ALBANY — Timothy Cardinal Dolan on Thursday announced a new program to compensate child sex abuse victims attacked by clergy, but some lawmakers and advocates say it doesn’t go nearly far enough.
It’s a good first step, they say, but its shortcomings will only galvanize the push for the passage of a law that makes it easier for New York survivors of abuse to sue their predators.
State Sen. Brad Hoylman, a Manhattan Democrat and prime sponsor of the Child Victims Act, called Dolan’s program “a canny legal strategy to help reduce the archdiocese’s liability for decades of crimes and coverups.”
“By setting up its own sexual abuse compensation fund, I’m glad the archdiocese is taking responsibility for the untold number of crimes against New York kids committed by its clergy,” Hoylman said.
Timothy Cardinal Dolan unveils new program for sex abuse victims
But such a program, he argued, seemingly will protect those who committed the abuse by keeping their names private. It also doesn’t cover nonchurch entities where systemic abuse has taken place, Hoylman added.
He vowed to again push for passage of the Child Victims Act when the Legislature returns to Albany in January.
“I think the archdiocese’s announcement emboldens our efforts because it lends credibility to the claims of thousands of survivors across the state of New York,” Hoylman said. “They need justice. They need a day in court.”
Different versions of the Child Victims Act would either extend or eliminate the time limit that a child abuse victim can bring a case against his or her attacker. Under current law, a person has until their 23rd birthday.
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The legislation would also provide a one-year window to revive old cases, and treat public and private institutions the same. Currently, someone abused at a school or other public institution must file a notice of intent to sue within 90 days of the incident.
Even before Dolan unveiled the new program, the Child Victims Act languished in the Legislature, largely because of opposition from Republicans who control the state Senate.
The measure has also stalled in recent years in the Democrat-controlled Assembly, where a new lead sponsor will be needed next year because the bill’s longtime champion, Margaret Markey (D-Queens), lost her September primary.
“This announcement by the Archdiocese of New York, while welcome news, is a long overdue acknowledgment of its moral responsibility to victims of child sexual abuse,” Markey said Thursday.
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She said that even though the bill would impact a wide range of victims in school, religious and youth organizations, it has been the Catholic bishops who have fought against it hardest, having spent $2 million on lobbying over the past decade.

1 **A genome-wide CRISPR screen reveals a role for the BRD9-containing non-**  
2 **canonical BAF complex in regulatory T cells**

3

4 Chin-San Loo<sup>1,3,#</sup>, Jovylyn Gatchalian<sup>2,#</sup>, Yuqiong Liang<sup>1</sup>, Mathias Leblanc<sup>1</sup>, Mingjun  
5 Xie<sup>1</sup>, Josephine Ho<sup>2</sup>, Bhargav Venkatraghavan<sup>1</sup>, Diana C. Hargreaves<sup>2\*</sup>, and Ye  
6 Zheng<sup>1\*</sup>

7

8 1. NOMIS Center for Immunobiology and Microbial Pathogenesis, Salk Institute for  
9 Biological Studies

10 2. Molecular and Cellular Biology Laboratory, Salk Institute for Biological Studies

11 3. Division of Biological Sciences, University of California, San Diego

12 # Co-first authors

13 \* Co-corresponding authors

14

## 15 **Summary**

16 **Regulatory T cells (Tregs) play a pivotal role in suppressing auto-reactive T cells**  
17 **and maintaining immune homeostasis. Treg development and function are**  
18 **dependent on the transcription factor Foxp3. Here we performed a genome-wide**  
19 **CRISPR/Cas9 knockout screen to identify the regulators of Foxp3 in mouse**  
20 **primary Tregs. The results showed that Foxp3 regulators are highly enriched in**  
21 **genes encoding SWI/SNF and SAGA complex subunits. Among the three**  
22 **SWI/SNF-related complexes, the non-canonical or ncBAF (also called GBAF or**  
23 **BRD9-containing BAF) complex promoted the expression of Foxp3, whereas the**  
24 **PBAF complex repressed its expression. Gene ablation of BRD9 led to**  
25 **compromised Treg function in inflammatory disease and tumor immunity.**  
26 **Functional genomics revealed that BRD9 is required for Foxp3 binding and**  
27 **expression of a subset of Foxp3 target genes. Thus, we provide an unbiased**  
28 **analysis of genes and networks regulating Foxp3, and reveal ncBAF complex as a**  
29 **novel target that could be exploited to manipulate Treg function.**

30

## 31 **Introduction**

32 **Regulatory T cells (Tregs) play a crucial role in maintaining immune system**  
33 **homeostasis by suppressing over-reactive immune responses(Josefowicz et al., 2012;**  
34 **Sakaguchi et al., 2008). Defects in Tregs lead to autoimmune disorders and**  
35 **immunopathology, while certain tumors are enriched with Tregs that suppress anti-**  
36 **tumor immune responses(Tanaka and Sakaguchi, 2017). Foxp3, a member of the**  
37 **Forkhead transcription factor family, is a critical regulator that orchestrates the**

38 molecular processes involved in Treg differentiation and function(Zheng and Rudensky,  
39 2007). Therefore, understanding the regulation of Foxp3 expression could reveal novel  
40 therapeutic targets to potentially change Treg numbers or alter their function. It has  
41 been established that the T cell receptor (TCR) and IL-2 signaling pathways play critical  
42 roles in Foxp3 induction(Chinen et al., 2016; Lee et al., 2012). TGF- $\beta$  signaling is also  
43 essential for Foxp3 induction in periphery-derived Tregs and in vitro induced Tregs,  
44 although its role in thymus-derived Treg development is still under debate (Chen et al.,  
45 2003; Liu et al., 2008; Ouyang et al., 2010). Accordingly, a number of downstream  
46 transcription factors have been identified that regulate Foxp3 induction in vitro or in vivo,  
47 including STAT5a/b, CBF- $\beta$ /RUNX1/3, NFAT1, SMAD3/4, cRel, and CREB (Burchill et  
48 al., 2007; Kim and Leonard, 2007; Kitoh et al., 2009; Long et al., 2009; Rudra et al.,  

A spokesman for Gov. Cuomo had no comment on Dolan’s program. The governor previously said he will make passage of the Child Victims Act a priority in next year’s legislative session.
A Senate GOP spokesman also had no comment.
Senate Democrats said they will prioritize the passage of the Child Victims Act if they are successful in winning control of the chamber in November.
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Gary Greenberg, an upstate investor who created a political action committee that is backing state candidates who support the Child Victims Act, said the church’s new program will do little to deter the effort to get the Legislature to pass the bill next year.
“Cardinal Dolan sees the writing on the wall — he knows the Child Victims Act will pass next year,” said Greenberg, who was sexually abused by a hospital worker in 1966. “This is an obvious attempt to circumvent justice by creating a committee of members that he selects who will offer priest abuse survivors the opportunity of a settlement outside the legal system, and only in return for sacrificing (victims’) rights.”
Greenberg said the Child Victims Act is key to giving survivors justice under the law and protecting kids today.
“The church’s continued resistance to passing sensible legislation to protect children prevents child abusers from being held responsible and provides them with the legal protection they need to continue to rape more children,” he said. “It’s disgusting. Cardinal Dolan should be ashamed of himself.”
The church has supported a different bill that would extend the time a child sexual abuse victim has to bring a case by five years and that would treat public and private institutions the same when it comes to abuse cases.
But the church has vehemently opposed granting a window to reopen old cases, arguing it could bankrupt parishes. Church and other officials, including some lawmakers, also argue that having a one-year window would be a blow to the due process rights for alleged abusers since memories can fade the longer time goes by.
Kathryn Robb, a child sex abuse survivor and advocate, called Dolan’s program “progress,” but said it won’t help the many victims who were abused but not by clergy.
“Therefore, (we) will still fight for (statute of limitation) reform so all victims can seek relief and justice,” Robb said. “And, let’s be honest, potential defendants don’t offer settlement programs unless they have a lot to lose and hide.”
She called the push for the Child Victims Act “a justice movement.”
“Make no mistake, we in the (statute of limitations) reform movement, will get there, because the strong leaders of New York, like Gov. Cuomo, and some others, care deeply about the children of New York, and believe fiercely in fairness, accountability and justice for all victims,” she said.
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